No, this post isn’t about penises or vibrators. (Why do our minds always go there!) I’ll reserve that subject for Part 2. This is about the clitoris. Yes, the clitoris, “a small erectile female organ located within the anterior junction of the labia minora that develops from the same embryonic mass of tissue as the penis and is responsive to sexual stimulation” (according to Merriam-Webster on-line dictionary). While seldom the subject of much scientific research, a recent publication* investigated the relationship between clitoral size and sexual function (including the extensive internal portion – “out of sight, out of mind” you might say).
In a small convenience sample of women having a pelvic MRI for other reasons (such as fibroid tumors), these researchers compared clitoral size and each woman’s sexual function as measured by several validated scales. Paradoxically, women with the smallest clitorises (yes, that’s the correct pleural of clitoris), specifically the clitoral body and crus (see diagram below), had the best sexual function. Those women with a smaller clitoris tended to have better desire, arousal, lubrication, and orgasm. The authors of the study suggest that a greater density of nerves, basically squeezing the same number of nerves into a smaller space, is what leads to better function.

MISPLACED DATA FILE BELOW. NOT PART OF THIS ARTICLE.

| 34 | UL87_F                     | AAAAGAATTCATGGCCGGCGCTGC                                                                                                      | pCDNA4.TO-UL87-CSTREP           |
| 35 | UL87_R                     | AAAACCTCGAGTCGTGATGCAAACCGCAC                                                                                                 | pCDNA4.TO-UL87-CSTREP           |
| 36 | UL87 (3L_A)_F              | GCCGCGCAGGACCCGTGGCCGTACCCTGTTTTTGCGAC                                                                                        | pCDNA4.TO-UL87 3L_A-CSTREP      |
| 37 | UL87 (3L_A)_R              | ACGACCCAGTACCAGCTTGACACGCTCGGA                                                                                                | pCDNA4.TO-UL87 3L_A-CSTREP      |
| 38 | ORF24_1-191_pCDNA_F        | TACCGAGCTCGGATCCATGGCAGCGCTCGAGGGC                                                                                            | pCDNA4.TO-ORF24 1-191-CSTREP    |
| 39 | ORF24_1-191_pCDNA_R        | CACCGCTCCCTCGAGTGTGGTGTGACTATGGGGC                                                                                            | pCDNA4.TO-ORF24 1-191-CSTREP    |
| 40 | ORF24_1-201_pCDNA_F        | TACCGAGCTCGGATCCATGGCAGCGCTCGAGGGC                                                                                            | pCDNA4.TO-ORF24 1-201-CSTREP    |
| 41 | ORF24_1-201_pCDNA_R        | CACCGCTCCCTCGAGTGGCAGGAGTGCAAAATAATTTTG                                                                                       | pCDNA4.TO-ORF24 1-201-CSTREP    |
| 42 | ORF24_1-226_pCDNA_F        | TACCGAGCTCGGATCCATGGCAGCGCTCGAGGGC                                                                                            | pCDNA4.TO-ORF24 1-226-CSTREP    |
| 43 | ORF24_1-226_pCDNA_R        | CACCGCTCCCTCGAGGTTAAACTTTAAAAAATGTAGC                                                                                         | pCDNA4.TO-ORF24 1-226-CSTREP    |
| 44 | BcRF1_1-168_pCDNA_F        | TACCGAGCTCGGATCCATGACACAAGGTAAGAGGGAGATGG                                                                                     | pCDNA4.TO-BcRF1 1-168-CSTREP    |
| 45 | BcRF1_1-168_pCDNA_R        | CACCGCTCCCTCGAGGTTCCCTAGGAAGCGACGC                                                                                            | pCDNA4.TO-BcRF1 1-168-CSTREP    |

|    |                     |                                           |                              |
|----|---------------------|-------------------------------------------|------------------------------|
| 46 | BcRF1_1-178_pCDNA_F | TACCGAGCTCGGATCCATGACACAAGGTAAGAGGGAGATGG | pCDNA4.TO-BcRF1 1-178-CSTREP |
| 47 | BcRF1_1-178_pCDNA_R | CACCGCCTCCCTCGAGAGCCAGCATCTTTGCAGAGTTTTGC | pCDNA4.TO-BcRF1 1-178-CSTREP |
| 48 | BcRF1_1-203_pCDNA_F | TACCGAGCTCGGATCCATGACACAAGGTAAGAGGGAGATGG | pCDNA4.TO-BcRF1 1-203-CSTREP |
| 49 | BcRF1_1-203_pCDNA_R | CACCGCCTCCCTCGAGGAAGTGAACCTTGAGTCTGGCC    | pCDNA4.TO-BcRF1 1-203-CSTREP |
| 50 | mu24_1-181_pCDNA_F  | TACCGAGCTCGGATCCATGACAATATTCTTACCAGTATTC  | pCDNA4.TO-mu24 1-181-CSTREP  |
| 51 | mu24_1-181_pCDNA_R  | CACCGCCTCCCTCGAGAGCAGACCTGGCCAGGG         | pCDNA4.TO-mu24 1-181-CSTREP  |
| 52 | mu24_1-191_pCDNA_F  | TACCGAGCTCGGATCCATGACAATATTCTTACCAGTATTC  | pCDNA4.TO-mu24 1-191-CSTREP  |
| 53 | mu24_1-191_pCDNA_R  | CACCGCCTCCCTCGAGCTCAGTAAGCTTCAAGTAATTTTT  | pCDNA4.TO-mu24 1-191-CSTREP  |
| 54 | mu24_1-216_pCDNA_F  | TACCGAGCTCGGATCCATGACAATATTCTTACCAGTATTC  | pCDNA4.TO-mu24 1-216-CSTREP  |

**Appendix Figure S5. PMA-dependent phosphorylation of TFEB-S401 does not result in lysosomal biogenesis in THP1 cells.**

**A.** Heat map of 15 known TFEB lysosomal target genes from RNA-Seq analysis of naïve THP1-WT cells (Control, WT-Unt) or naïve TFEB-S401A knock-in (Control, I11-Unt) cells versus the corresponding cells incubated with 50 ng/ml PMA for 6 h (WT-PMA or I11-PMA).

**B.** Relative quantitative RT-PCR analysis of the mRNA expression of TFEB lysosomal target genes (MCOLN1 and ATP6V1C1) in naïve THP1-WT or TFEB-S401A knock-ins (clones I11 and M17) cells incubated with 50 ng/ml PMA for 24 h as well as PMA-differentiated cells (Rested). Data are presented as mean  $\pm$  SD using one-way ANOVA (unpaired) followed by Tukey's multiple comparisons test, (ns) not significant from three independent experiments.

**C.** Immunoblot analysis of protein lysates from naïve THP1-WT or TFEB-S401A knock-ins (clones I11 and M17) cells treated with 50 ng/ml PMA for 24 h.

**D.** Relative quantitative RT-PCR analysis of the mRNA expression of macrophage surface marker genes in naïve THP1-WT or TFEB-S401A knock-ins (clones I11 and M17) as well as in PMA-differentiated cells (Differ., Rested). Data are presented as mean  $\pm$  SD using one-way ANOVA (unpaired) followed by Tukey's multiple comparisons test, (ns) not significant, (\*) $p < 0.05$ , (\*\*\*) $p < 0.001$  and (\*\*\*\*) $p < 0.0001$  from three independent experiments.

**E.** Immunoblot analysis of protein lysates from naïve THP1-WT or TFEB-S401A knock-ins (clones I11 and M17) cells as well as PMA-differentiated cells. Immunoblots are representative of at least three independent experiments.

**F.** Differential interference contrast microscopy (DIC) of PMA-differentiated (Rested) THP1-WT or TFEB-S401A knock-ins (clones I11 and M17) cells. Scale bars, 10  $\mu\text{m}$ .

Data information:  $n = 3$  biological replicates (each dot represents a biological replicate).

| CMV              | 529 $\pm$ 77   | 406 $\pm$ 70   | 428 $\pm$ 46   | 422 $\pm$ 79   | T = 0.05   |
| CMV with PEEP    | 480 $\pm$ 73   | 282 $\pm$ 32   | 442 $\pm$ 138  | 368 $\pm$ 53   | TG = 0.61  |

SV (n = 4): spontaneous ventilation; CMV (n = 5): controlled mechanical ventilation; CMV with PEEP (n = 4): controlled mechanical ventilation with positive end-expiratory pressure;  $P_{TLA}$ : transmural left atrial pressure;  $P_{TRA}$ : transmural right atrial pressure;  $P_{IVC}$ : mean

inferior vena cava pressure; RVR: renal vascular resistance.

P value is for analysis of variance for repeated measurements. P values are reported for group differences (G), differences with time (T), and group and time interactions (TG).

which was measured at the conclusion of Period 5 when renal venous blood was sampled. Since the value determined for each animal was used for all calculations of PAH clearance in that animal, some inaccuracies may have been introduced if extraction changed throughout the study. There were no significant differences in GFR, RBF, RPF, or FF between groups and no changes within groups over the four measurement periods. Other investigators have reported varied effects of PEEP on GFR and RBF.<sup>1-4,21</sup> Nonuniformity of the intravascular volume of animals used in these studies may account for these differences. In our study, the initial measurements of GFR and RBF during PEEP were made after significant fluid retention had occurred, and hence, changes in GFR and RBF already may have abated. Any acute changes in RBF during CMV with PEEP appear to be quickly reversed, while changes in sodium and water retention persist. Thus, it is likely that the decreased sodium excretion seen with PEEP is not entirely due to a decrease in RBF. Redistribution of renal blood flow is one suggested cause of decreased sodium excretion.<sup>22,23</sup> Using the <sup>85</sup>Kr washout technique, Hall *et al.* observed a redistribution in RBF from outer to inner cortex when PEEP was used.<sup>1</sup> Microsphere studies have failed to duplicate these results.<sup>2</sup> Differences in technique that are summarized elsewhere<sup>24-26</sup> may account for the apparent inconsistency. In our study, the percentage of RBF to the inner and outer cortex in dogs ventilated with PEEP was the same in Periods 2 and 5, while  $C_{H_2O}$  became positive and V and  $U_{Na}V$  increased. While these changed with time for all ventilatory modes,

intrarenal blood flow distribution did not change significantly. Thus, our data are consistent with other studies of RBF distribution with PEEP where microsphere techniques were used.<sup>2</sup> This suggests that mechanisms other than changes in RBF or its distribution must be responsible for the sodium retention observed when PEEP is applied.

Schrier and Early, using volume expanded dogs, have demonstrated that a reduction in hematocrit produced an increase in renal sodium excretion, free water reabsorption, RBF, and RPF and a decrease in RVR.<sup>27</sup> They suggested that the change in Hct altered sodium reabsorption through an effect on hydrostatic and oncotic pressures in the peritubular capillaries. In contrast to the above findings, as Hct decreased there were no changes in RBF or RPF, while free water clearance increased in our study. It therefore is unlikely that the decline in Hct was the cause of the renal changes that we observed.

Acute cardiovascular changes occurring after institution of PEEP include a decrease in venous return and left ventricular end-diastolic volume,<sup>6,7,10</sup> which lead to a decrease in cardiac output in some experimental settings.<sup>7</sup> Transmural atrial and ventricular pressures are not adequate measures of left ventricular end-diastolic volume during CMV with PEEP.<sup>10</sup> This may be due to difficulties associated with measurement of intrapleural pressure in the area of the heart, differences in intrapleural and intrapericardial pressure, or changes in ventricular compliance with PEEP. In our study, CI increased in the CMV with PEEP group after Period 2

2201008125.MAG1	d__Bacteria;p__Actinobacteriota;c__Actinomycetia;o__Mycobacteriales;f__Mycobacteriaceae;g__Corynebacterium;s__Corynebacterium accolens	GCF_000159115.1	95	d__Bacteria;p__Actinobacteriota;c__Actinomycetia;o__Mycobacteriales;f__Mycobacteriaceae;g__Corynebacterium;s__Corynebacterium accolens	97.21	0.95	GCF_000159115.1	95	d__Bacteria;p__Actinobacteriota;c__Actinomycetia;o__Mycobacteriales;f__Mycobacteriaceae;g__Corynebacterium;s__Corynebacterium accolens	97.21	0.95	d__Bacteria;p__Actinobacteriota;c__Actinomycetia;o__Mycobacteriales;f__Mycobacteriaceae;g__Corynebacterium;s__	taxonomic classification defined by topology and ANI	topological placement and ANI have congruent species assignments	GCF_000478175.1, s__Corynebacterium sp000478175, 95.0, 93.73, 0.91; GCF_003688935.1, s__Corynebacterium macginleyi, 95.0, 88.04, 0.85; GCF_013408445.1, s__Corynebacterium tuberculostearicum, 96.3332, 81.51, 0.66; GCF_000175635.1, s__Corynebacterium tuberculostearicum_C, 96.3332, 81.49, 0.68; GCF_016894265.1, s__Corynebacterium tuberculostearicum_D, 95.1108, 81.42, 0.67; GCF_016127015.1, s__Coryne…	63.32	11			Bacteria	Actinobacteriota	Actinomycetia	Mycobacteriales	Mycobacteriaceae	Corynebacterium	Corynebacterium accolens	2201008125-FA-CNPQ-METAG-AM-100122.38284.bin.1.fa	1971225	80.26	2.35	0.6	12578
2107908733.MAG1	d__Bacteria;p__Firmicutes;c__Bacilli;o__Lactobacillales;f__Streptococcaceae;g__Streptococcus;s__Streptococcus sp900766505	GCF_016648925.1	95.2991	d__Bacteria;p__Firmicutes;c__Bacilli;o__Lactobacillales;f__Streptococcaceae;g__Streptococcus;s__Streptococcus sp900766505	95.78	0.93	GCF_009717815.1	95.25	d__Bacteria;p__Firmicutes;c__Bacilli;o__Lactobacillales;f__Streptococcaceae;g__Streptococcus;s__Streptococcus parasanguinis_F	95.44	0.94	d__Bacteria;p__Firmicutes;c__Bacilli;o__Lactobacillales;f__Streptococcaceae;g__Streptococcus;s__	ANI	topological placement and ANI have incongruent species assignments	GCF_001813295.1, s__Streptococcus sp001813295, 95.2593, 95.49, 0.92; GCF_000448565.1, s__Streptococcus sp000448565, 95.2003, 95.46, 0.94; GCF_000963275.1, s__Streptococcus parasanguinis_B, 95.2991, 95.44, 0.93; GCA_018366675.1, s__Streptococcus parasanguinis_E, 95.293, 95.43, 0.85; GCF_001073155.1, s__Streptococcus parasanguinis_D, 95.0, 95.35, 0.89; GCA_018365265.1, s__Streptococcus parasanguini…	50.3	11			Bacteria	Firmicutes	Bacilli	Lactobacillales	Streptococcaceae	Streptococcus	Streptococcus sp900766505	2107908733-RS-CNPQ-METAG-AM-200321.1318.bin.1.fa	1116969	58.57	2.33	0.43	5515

There are several limitations to this study, so take these findings with a grain of salt. The relatively few women who participated were having their MRIs done for other medical reasons besides participation in this sexual function study. Therefore, the findings may not actually be generalizable to all women, especially “normal” women without another existing medical condition. But, this study does give a whole new potential meaning to the oft-quoted “good things come in small packages” idea. And that’s c.o.m.e., not c.u.m! Really, does your mind always go there?
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* Vaccaro CM, Fellner AN, Pauls RN. Female sexual function and the clitoral complex using pelvic MRI assessment. European Journal of Obstetrics & Gynecology and Reproductive Biology 180: 180–185, 2014.